Import PE prices fall to lowest in more than a decade across Asia
Import prices declined by around 10% since May in China
As can be seen from the graph below, China’s import markets steadily lost ground from March to December last year. The import LDPE, LLDPE, HDPE and HDPE b/m markets were stable to slightly firm from late 2018 to around May this year, without being able to compensate the losses recorded in the second half of last year.
Since early May, import PE prices have been down by approximately 10%, the weekly average of ChemOrbis Price Index suggested. However, the cumulative loss is much larger at 25-30% compared to March 2018, when the downturn first kicked off.
Saudi HDPE film, b/m move below $1000 CFR China
This week, import HDPE film and blow moulding prices from Saudi Arabian sources posted $30-40/ton drops week over week to sink below the $1000/ton threshold for the first time since July 2010.
Lowest levels of more than 10 years reflected on LLDPE in SEA
Following China lower, data from ChemOrbis Price Index revealed that the weekly average of import LLDPE film prices hit its lowest level since March 2009 in Southeast Asia. LLDPE has seen larger drops than other PE products across the region.
Indian PE offers competitive edge in China, SEA
Indian PE prices showed up at competitive levels both in China and Southeast Asia this week. LLDPE prices for Indian cargos saw as low as $890/ton CFR in China and Vietnam, forming the low end of the import markets.
“Manufacturers are still cautious about securing fresh cargos since the Chinese Yuan continued to depreciate against the USD and end product orders were down on mounting trade concerns. Meanwhile, Indian LLDPE film and HDPE injection offers are particularly aggressive,” highlighted a trader.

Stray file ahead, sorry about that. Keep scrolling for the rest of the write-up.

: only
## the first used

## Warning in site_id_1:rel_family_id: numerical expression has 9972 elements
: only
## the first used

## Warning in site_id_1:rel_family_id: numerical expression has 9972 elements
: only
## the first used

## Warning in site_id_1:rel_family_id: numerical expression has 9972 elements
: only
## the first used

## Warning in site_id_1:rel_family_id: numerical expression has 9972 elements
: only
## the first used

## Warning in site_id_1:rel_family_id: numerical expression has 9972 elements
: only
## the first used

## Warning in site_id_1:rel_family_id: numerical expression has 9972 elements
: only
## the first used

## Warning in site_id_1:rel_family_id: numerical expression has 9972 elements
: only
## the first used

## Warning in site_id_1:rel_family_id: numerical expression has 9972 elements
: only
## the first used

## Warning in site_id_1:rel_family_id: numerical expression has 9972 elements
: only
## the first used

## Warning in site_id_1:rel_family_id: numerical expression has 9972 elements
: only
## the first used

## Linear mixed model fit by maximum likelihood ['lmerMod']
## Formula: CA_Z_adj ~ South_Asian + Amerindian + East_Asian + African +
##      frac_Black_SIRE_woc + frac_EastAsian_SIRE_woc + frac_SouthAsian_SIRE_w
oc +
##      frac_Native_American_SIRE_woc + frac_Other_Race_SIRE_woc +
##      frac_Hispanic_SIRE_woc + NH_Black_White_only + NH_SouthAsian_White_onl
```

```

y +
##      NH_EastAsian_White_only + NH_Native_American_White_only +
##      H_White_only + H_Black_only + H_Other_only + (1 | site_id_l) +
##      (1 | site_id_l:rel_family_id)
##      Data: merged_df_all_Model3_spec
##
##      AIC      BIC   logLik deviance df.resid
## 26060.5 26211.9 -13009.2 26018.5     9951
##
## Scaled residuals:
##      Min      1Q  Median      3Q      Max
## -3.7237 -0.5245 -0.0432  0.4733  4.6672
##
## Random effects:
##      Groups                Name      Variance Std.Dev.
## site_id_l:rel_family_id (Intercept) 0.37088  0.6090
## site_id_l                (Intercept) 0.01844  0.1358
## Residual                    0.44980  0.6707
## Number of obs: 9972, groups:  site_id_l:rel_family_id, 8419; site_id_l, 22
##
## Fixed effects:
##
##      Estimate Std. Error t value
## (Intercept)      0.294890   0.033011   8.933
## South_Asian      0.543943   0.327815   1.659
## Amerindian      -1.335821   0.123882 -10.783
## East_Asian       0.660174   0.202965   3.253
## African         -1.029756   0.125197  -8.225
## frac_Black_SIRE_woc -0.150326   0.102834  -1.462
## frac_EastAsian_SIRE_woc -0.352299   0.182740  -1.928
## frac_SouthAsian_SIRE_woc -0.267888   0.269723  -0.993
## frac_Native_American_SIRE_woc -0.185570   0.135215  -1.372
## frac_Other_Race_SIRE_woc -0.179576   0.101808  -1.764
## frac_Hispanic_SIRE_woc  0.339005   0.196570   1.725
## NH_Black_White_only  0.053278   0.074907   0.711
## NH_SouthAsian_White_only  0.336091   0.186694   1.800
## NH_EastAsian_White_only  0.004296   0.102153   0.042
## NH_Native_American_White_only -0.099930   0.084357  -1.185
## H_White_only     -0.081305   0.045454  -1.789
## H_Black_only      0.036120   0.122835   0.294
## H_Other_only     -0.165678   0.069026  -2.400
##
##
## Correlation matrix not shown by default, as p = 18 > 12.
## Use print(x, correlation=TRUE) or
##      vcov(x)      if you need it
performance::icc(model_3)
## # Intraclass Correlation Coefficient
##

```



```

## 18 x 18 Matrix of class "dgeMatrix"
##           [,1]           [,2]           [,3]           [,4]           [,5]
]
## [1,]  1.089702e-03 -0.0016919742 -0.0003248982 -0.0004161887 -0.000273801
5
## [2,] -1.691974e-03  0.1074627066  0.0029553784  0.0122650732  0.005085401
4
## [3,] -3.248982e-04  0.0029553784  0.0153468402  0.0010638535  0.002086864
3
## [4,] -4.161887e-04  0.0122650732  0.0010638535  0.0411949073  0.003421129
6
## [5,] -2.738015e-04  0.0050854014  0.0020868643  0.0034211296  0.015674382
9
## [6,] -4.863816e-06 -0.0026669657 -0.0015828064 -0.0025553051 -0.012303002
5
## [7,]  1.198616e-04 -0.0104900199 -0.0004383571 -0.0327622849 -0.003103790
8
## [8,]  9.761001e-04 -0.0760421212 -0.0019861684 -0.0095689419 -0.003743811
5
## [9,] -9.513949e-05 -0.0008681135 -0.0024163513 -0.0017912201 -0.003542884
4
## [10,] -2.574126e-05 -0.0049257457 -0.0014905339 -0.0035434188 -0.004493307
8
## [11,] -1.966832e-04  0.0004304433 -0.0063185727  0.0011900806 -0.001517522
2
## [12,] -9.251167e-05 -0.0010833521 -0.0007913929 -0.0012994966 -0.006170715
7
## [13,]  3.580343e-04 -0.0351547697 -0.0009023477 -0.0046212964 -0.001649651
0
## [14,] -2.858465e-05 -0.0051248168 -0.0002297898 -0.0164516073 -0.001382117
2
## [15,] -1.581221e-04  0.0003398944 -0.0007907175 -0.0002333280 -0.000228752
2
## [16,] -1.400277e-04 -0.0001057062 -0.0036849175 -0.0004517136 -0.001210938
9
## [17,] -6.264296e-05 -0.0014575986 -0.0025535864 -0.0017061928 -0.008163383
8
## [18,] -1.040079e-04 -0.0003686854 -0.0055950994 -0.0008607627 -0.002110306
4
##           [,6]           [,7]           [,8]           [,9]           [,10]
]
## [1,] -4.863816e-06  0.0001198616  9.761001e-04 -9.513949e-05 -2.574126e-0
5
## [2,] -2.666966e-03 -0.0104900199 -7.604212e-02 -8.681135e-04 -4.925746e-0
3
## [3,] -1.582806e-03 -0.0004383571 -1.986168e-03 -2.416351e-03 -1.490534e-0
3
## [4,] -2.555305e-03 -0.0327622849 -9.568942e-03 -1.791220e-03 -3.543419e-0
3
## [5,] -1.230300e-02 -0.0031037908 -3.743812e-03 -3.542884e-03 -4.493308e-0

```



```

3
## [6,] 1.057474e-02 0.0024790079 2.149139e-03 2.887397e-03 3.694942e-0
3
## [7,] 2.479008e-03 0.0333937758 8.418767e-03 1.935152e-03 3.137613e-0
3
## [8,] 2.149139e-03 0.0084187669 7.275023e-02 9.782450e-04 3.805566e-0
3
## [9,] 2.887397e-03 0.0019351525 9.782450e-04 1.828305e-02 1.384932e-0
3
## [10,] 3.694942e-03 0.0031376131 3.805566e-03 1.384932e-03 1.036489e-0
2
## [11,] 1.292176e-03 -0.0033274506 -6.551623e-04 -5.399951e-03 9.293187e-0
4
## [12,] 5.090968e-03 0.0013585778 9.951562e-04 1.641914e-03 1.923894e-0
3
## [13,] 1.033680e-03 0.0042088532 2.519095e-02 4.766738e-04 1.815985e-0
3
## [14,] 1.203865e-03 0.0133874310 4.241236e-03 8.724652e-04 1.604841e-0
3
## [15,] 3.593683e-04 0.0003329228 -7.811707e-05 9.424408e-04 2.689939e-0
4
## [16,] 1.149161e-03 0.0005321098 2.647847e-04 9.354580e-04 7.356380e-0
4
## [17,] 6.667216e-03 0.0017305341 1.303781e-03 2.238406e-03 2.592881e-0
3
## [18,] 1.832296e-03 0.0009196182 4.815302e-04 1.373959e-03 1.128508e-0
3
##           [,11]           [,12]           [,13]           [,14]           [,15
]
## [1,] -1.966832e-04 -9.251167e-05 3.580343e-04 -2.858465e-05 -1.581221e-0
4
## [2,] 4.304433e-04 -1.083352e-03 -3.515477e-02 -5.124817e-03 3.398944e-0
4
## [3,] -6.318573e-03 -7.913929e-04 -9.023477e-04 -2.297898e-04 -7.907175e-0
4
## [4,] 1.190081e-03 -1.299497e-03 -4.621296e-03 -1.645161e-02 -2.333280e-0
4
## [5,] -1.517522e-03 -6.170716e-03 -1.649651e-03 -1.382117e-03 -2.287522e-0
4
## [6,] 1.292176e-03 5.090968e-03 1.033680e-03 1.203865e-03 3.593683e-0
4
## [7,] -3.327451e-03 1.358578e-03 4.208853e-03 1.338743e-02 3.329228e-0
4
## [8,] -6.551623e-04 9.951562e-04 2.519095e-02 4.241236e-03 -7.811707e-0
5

PE decreases not mainly driven by energy complex
In upstream, meanwhile, WTI crude futures on NYMEX stood at a 5-month low at around $53/bbl by late this week, according to the weekly average data from ChemOrbis Price Wizard.
When PE prices saw these levels back in 2009, crude futures were hovering around the $35-40/bbl spread right after the plunge in 2008 crisis, which was first fueled by the subprime mortgage market in the United States, and developed into an international banking crisis and then followed by a global economic recession.
The recent PE declines have mostly stemmed from lengthening supplies and stagnating demand following the trade war that kicked off last year between the US and China.
What lies ahead?
Considering the uncertainties driven by the prolonged trade dispute with the US, the upcoming capacity additions across the globe and slower economy, some players remain cautious for the medium term. Others feel PE prices may take a respite from the recent lows.
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